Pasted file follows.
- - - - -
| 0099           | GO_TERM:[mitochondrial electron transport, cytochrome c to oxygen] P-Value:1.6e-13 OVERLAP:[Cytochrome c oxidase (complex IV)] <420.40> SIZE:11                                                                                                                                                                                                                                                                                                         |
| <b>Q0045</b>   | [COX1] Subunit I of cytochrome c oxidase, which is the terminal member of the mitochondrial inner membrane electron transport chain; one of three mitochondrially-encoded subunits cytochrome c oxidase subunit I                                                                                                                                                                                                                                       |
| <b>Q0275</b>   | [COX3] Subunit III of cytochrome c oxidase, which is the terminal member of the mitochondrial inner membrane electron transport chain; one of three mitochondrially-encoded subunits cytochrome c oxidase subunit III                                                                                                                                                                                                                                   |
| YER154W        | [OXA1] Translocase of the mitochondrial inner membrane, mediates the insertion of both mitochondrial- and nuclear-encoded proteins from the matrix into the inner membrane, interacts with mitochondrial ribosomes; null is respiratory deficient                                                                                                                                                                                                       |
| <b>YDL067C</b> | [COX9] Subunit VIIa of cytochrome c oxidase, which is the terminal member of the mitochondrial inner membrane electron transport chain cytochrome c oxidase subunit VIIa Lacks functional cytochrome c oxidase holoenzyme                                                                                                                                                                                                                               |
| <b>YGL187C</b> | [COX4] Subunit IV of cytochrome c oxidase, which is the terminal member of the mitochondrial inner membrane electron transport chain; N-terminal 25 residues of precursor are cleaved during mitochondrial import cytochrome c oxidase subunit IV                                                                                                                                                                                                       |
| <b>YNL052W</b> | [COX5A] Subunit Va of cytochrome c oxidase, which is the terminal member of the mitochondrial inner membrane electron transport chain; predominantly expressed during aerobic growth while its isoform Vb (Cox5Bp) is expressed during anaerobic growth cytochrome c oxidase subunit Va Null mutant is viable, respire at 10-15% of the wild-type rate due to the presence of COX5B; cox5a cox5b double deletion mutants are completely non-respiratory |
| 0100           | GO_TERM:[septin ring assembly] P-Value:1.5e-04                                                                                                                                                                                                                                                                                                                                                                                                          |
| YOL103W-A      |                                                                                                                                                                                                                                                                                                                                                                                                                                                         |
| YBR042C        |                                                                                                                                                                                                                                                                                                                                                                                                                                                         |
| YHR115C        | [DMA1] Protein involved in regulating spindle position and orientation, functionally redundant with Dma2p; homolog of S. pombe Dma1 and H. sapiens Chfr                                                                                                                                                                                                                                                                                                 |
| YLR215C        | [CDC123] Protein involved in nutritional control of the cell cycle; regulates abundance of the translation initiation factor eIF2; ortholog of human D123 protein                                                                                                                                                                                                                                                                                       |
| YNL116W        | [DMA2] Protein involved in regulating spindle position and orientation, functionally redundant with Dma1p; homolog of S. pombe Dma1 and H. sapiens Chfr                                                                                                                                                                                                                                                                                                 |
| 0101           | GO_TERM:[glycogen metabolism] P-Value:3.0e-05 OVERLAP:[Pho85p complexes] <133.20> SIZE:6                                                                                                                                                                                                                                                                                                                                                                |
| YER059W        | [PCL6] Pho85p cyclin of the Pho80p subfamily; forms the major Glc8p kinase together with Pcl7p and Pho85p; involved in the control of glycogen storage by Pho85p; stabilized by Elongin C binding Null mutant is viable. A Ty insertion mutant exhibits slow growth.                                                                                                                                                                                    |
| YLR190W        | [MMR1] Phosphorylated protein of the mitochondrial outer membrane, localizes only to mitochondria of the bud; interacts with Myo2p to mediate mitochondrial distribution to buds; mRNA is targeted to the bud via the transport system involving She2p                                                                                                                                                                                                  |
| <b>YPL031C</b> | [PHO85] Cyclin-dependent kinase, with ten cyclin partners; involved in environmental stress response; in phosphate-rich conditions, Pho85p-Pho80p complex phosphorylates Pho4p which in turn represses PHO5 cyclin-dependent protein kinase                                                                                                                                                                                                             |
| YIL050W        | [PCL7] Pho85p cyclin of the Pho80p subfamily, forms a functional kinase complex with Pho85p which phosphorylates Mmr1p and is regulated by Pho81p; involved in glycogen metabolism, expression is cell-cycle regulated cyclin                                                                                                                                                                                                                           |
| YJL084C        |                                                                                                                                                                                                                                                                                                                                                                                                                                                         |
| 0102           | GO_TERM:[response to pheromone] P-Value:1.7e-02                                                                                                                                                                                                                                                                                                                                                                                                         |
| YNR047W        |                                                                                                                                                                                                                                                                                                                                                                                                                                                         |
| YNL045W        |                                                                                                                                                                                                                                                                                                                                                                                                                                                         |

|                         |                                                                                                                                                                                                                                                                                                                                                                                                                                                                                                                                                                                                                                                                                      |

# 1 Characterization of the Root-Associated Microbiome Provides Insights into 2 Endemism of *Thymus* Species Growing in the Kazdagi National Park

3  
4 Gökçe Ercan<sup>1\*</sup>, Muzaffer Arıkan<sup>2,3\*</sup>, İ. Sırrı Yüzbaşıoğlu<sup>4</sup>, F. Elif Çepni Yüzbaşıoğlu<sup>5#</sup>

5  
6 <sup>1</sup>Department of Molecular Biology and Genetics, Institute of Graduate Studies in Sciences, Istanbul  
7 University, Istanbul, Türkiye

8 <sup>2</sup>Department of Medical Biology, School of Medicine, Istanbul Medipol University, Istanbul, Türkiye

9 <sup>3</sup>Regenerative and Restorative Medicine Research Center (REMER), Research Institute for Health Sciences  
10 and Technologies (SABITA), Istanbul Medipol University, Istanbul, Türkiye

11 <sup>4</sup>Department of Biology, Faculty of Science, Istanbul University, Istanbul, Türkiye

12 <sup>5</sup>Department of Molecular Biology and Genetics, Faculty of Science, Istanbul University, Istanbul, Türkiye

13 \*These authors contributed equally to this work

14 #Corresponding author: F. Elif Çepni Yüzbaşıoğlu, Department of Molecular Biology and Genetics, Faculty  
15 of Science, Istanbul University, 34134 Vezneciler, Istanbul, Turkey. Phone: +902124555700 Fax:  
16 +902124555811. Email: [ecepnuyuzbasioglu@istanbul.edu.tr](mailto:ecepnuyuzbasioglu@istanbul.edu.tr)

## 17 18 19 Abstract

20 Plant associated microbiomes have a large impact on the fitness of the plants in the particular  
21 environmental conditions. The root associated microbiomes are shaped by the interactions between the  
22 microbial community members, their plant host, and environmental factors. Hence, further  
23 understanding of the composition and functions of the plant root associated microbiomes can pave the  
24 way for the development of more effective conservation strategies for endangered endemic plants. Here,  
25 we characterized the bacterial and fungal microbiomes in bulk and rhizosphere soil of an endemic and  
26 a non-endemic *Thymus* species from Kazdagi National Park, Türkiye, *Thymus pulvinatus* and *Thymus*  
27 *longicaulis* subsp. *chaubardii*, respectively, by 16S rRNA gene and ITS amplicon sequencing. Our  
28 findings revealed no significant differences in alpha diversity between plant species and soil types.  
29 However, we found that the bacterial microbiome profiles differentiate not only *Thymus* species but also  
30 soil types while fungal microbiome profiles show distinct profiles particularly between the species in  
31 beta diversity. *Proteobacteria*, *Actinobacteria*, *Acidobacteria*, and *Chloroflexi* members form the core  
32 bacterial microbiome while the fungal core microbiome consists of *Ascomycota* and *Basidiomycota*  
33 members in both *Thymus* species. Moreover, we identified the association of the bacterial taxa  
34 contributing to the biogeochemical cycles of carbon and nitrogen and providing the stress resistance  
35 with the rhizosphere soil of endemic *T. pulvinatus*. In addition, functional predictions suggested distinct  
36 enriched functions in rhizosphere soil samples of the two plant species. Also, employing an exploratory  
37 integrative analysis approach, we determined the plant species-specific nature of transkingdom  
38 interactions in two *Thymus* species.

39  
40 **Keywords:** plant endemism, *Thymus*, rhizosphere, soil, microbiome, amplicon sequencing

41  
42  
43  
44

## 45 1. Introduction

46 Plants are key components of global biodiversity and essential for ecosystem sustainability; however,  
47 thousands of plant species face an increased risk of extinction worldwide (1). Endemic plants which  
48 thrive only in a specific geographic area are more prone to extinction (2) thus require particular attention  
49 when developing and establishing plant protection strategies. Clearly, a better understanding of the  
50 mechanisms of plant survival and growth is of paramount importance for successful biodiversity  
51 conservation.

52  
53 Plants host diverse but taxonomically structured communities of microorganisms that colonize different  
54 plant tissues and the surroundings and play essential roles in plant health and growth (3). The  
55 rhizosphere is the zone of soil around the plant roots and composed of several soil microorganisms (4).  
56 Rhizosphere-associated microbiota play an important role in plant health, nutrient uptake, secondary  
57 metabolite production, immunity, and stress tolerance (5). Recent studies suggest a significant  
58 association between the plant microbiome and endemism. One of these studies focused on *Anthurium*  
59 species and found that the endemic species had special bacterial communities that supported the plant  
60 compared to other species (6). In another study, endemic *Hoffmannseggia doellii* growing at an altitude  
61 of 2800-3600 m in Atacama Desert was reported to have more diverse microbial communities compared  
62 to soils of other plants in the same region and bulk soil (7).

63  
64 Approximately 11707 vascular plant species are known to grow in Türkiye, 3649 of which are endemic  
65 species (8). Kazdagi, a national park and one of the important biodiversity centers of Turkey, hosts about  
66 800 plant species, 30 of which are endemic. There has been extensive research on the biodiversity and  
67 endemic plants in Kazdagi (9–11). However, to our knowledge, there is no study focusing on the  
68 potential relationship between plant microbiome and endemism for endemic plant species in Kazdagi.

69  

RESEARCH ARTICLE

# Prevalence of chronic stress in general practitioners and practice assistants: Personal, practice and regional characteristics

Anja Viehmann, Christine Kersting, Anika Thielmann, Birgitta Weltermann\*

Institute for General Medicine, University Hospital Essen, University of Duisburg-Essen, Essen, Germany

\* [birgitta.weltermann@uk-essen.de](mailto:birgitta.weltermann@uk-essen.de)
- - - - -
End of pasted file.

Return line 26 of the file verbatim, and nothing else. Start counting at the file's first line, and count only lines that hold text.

4 Gökçe Ercan<sup>1\*</sup>, Muzaffer Arıkan<sup>2,3\*</sup>, İ. Sırrı Yüzbaşıoğlu<sup>4</sup>, F. Elif Çepni Yüzbaşıoğlu<sup>5#</sup>